But this is my life, and what works for my life. My choices are not for everyone. I can't pretend I'm not battling a serious enemy every second, of every day.

I feel as if I "need" to tell my story. Partly because I have so many things I cannot do any more, or because I have to be super cautious about so much now. All my compromised immune system precautions could appear quite "odd" to the outsider who knows nothing about me, so I briefly explain my status. I dislike being "high maintenance", but I have to protect myself. My life is different, I am so different, my "needs" are so different. I feel I must explain. And then there's the "external judgement". Because I am not the type to "let myself go", externally, I don't look sick.. But when I am "sick", wow I do look SICK, especially when I have a fever, like all of last July! I am forever explaining how I can "look good" on the outside, but be so sick cellulary, on the inside. Same story for most myeloma patients. There are times I just want to shave my head, so the visual of "CANCER PATIENT" screams out at people when they see me. I am exhausted explaining this aspect of myeloma, almost justifying my status... Some don't understand "why I am still alive", while others don't get "why I am still in treatment"...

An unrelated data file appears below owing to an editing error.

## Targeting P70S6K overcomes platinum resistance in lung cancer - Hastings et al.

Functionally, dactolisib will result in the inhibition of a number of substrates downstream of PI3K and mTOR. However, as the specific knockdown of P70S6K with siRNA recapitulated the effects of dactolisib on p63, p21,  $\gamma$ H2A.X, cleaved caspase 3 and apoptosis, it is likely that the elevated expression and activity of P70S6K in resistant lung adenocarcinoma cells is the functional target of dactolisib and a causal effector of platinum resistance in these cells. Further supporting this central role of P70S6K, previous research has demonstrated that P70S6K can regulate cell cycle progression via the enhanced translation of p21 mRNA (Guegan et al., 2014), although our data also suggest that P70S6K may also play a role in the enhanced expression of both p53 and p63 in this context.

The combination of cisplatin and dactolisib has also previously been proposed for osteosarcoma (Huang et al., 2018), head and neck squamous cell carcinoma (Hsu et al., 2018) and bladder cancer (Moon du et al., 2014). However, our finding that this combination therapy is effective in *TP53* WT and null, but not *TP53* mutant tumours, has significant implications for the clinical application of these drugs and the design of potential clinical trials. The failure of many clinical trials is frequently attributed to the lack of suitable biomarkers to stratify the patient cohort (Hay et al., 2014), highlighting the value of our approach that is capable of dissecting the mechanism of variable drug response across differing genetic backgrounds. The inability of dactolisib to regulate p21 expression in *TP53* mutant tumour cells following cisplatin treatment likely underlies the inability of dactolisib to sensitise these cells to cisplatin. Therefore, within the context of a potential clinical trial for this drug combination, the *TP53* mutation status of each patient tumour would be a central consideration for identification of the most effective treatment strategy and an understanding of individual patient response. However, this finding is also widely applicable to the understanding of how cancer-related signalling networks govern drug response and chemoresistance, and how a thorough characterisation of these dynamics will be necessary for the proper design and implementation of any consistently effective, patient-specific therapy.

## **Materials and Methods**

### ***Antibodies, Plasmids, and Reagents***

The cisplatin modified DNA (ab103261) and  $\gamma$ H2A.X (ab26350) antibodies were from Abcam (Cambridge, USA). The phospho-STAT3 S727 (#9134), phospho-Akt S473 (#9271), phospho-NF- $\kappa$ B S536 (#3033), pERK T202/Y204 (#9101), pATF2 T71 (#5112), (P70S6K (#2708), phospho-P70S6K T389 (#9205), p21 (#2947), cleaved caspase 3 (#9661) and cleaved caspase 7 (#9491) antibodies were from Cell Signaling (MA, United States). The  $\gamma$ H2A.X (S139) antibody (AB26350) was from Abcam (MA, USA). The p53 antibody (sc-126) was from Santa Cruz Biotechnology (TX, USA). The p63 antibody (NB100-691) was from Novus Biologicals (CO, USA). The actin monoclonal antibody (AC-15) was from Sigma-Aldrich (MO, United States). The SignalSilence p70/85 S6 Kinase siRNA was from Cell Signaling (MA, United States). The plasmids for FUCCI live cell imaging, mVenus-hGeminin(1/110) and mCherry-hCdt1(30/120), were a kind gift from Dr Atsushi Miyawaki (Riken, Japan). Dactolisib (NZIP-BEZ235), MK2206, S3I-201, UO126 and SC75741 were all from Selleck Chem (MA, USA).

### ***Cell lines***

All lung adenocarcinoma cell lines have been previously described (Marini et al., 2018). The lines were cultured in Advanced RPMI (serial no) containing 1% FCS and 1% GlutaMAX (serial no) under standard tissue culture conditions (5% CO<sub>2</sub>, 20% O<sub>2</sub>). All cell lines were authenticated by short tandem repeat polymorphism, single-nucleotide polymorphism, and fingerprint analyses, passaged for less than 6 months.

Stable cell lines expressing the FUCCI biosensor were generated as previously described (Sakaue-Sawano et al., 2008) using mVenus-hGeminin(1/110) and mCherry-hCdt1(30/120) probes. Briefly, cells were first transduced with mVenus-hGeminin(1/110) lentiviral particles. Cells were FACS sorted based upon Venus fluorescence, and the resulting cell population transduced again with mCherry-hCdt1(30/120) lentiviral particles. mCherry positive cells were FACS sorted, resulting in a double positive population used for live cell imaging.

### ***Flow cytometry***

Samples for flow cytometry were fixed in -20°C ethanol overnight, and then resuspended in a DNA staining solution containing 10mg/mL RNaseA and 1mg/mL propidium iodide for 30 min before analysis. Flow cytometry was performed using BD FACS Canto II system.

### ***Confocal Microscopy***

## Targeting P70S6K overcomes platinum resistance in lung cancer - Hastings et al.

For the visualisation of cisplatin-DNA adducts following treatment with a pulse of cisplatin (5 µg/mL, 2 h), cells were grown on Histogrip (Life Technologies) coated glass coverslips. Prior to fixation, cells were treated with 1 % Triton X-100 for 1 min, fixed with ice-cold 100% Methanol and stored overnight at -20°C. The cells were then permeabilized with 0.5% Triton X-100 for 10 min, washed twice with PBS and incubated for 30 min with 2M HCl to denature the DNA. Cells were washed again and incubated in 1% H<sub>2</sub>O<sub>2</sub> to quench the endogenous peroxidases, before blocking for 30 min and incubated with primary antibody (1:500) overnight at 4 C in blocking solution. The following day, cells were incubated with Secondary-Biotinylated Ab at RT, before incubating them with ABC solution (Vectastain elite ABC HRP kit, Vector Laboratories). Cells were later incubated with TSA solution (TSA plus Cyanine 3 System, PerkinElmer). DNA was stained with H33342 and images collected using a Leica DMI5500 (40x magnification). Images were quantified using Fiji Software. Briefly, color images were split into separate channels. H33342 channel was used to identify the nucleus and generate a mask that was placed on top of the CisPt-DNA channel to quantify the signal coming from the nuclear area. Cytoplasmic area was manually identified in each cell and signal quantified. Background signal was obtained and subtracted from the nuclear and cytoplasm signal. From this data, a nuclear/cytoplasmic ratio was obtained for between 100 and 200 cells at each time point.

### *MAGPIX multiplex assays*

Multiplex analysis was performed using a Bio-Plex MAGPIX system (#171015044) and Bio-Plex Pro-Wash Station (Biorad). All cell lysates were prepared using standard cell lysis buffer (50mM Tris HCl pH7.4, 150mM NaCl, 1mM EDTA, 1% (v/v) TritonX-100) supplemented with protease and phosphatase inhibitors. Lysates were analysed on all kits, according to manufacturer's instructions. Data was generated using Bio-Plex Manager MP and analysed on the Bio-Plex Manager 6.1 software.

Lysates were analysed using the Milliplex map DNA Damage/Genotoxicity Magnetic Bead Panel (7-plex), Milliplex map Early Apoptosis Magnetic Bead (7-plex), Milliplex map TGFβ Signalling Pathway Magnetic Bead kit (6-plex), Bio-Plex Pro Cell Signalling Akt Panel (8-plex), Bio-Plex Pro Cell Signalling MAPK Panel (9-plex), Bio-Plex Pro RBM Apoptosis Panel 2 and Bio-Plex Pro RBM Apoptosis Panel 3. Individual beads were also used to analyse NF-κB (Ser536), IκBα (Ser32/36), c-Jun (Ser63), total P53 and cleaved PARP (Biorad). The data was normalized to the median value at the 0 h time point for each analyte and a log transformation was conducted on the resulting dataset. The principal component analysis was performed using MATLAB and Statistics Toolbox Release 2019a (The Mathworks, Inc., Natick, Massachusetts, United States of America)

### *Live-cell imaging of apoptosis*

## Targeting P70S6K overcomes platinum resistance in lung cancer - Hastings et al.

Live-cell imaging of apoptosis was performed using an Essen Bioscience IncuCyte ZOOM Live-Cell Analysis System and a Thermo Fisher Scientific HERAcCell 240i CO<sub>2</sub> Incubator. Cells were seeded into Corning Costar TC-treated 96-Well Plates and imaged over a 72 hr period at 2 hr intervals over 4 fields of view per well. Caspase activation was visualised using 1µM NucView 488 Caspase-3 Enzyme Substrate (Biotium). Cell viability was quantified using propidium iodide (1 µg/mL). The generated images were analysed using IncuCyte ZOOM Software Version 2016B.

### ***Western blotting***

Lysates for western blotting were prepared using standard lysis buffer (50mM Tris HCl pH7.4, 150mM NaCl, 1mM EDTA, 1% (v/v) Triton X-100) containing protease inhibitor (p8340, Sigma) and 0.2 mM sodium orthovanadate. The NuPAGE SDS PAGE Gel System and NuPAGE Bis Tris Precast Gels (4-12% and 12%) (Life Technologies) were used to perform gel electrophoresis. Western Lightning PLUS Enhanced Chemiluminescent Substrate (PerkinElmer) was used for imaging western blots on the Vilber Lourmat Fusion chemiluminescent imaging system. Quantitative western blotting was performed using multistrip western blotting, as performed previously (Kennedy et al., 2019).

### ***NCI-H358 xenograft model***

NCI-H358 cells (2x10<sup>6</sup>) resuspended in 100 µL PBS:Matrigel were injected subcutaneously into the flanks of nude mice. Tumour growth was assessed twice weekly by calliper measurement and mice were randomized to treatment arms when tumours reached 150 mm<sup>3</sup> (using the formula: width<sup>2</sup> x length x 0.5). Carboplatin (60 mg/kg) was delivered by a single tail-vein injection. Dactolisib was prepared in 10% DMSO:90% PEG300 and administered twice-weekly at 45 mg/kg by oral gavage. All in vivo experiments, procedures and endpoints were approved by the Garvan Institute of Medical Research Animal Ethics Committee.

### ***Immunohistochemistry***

I've shared my story with anyone that wants to know. I share for me, for them, for you. I share personally and I've shared my story in professional situations. I've been interviewed about my story quite a few times. I share my story to inform, educate, and to lend empathy, understanding to others. I share my story in the Chemo Lab, when asked. So many patients are incredulous that Myeloma is truly incurable, and that I have been treating for over 8 years. When I tell my story to fellow cancer patients, non-myeloma cancer patients, it hits me what I have been through and for how long. It is incredible to have an incurable cancer, and have been through what I have been through, and continue to go through. Sometimes I'm just so used to being a cancer patient, that I "forget" how crazy and challenging my life is to outsiders. Other times I am acutely aware how so many others are so much "worse off" than I am, and their myeloma is much more visible. But I share me, my life, my story, my struggles and successes, and I want to know yours too.